Americans' personal income rose a modest 0.4 percent in July, the same rate as in June, prompting worries that consumers' incomes will not increase enough to produce a resurgence in economic activity this fall.
Consumer spending also rose 0.4 percent, matching the June increase, the Commerce Department reported yesterday. However, when adjusted for inflation, spending was flat in June. A comparable figure was not available for July.
"What this tells me is that consumer spending is in a holding pattern for right now," said Nariman Behravesh of Wharton Econometrics. "The second half bounce-back" in economic activity "might not develop."
The Reagan administration had expected the economy to rebound from a 1 percent growth rate in the first half to a 5 percent rate in the second half and prevent the federal budget deficit from climbing further. Private economists had predicted that economic activity would bounce back at a rate between 3 and 4 percent.
However, Behravesh said, "Everyone's going to think of revising that forecast downward. The thought was that consumer spending was going to carry us along. The likelihood is of 1 percent to 2.5 percent growth" in economic output in the second half of the year.
The Commerce Department today will release its revised estimate of gross national output in the second quarter. A preliminary report estimated the rate of growth at 1.7 percent. However, economists said they now expect that figure to be revised even lower.
The sluggish economy also puts more pressure on the Federal Reserve Board's policy-making arm, which meets today to set monetary policy for the next few weeks. The Fed had pursued an accommodative monetary policy in an effort to buoy the sagging economy, and economists don't expect the Fed to set an easier course at its meeting today.
Automobile sales have declined in recent months, while retail sales gains have been lackluster.
Disposable personal income -- income after taxes -- rose 0.4 percent in July, after falling 2.5 percent in June.
Wages and salaries, a major determinant of spending by households, had their smallest increase of the year -- $1.7 billion, compared with a $10.8 billion rise in June.
Another indicator of future sluggish consumer spending was the decline in the rate of personal saving. That rate was 3.4 percent of after-tax income in June and July, compared with a 6.1 average rate for 1984 and a 5.0 percent rate for 1983.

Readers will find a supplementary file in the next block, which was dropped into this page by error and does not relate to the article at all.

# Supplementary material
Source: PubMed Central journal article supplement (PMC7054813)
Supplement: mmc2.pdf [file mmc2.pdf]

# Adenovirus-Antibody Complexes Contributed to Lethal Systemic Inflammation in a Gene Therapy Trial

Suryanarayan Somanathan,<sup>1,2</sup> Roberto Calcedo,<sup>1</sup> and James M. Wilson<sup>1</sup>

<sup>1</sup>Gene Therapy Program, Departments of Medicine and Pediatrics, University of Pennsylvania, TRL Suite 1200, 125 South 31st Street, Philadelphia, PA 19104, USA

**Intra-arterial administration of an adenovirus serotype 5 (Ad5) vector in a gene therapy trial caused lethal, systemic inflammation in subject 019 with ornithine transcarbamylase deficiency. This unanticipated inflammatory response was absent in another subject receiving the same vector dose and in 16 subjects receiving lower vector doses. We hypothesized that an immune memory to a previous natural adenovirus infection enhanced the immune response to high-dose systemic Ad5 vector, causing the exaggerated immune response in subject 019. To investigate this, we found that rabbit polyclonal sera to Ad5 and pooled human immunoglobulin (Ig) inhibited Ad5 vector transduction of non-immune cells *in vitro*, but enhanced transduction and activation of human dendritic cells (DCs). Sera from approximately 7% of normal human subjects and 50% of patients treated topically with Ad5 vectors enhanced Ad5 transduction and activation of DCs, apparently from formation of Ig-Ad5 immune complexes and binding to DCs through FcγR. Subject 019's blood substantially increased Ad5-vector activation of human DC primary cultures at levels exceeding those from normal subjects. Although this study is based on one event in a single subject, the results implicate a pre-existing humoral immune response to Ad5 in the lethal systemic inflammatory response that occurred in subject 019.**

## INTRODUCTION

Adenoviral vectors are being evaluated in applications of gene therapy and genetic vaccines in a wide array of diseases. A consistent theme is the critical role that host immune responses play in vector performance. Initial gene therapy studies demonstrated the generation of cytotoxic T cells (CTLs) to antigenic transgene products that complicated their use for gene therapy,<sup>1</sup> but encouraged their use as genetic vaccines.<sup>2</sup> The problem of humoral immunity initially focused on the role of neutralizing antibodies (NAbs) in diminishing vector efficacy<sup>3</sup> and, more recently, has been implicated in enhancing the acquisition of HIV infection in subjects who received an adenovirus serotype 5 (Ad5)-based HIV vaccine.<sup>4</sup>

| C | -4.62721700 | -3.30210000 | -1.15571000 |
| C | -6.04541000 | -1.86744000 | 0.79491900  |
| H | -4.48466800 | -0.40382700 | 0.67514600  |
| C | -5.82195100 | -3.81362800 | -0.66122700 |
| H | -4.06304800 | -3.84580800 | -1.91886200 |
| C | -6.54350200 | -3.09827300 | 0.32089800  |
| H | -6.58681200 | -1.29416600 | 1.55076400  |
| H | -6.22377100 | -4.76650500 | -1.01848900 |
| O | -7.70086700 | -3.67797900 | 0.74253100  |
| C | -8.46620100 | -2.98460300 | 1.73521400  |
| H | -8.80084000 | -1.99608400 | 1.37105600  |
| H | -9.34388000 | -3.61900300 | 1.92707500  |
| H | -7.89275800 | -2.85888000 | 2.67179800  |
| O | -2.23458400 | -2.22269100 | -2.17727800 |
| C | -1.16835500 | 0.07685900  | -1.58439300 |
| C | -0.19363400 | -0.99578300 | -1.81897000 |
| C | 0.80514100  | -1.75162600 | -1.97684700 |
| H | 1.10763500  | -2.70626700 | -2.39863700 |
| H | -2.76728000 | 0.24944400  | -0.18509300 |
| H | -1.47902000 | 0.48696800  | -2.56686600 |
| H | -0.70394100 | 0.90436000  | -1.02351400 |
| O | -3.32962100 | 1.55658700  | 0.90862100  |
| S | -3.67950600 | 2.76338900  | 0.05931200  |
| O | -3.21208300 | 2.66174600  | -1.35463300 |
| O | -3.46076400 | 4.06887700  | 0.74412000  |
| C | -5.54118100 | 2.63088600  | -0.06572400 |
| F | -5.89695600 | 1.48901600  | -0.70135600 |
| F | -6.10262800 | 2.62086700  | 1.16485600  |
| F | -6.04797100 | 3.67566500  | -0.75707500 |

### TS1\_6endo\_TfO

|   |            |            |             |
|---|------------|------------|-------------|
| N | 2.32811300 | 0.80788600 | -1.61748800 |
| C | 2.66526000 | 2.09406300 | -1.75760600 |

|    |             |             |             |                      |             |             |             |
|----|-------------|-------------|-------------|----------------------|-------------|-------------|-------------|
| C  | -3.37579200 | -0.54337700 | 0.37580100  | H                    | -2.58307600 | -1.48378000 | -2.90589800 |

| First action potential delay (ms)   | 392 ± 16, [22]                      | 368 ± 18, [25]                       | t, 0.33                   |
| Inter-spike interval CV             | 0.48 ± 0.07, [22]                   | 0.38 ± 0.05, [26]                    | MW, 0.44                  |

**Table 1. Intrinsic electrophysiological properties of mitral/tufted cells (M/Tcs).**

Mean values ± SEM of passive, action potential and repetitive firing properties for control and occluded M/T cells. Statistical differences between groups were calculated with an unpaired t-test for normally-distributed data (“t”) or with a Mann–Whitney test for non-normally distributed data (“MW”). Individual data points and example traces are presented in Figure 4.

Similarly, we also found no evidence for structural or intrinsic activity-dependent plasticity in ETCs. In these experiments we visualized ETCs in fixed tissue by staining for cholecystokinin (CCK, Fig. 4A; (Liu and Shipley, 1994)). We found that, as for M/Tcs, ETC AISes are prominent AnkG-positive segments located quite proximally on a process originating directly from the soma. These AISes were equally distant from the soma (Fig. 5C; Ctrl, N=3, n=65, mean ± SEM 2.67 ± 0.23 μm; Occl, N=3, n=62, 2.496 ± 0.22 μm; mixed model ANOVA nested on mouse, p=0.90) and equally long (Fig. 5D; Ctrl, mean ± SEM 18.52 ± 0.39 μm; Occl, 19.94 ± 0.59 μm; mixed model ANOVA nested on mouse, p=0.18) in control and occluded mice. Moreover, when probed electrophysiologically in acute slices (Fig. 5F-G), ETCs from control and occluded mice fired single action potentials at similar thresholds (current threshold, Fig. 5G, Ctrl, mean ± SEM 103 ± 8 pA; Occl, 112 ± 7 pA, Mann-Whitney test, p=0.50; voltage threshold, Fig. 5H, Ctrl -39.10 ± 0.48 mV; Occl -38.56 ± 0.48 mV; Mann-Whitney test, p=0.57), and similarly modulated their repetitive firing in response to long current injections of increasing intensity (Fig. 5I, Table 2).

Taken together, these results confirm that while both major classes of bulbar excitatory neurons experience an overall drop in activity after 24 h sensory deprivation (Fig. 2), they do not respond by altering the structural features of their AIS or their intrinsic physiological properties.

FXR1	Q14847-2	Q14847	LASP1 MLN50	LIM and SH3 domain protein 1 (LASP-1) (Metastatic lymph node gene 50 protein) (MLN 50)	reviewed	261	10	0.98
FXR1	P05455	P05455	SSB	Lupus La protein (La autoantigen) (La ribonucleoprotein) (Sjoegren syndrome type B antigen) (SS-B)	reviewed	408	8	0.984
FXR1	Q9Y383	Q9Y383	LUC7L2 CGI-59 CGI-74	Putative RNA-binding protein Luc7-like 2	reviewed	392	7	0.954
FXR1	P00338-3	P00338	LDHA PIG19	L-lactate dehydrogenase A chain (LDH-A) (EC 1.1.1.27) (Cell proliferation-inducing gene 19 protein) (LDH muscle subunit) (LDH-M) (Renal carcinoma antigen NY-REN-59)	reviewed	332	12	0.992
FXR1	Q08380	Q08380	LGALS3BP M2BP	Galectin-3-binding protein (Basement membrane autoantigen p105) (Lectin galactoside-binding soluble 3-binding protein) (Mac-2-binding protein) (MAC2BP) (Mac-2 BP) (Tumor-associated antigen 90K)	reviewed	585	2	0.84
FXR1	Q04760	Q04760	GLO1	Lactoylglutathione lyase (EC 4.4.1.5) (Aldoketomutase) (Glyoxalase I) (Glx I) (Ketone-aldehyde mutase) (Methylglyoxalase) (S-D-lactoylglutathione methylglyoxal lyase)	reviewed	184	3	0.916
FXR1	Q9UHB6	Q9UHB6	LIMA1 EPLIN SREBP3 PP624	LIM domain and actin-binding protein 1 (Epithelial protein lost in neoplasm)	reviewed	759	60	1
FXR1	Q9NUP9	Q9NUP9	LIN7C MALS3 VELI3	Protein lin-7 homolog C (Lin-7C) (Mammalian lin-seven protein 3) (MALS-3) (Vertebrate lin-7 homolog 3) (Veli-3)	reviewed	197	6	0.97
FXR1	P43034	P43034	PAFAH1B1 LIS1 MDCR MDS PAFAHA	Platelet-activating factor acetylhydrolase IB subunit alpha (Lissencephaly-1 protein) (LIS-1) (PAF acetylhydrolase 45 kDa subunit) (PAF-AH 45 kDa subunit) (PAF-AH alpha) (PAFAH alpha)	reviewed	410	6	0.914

As savings decline, consumers become less willing to buy more goods, go further into debt or dig into their savings to finance further spending, economists said. The low 4.3 percent rate suggests that consumers will hold off spending until they can increase their savings, economists said.
Payrolls for commodity-producing industries rose $400 million, compared with $1.1 billion in June. Manufacturing payrolls rose $500 million last month, following a $1 billion increase in June.
Payrolls for service industries increased $100 million in July, compared with $5 billion in June. However, government wages and salaries increased $1.9 billion compared with $1.7 billion in June.
Commerce said that retroactive Social Security benefit payments increased last month at an annual rate of $5 billion, contributing to the large increase in income from government transfer payments. These payments resulted from the recalculation of benefits for some retired persons, Commerce said.
Commerce also reported that the distortions to after-tax income caused by the delay in processing federal income tax returns this spring finally have been eliminated.
Personal outlays rose $11.7 billion in July, compared with $11.9 billion in June. Purchases of durable goods rose $2.5 billion, following a decline of $6.4 billion in June that was attributed to a drop in new-car purchases. Purchases of nondurable goods rose $900 million in July and June. However, purchases of services rose $6.9 billion, following a $16 billion increase in July.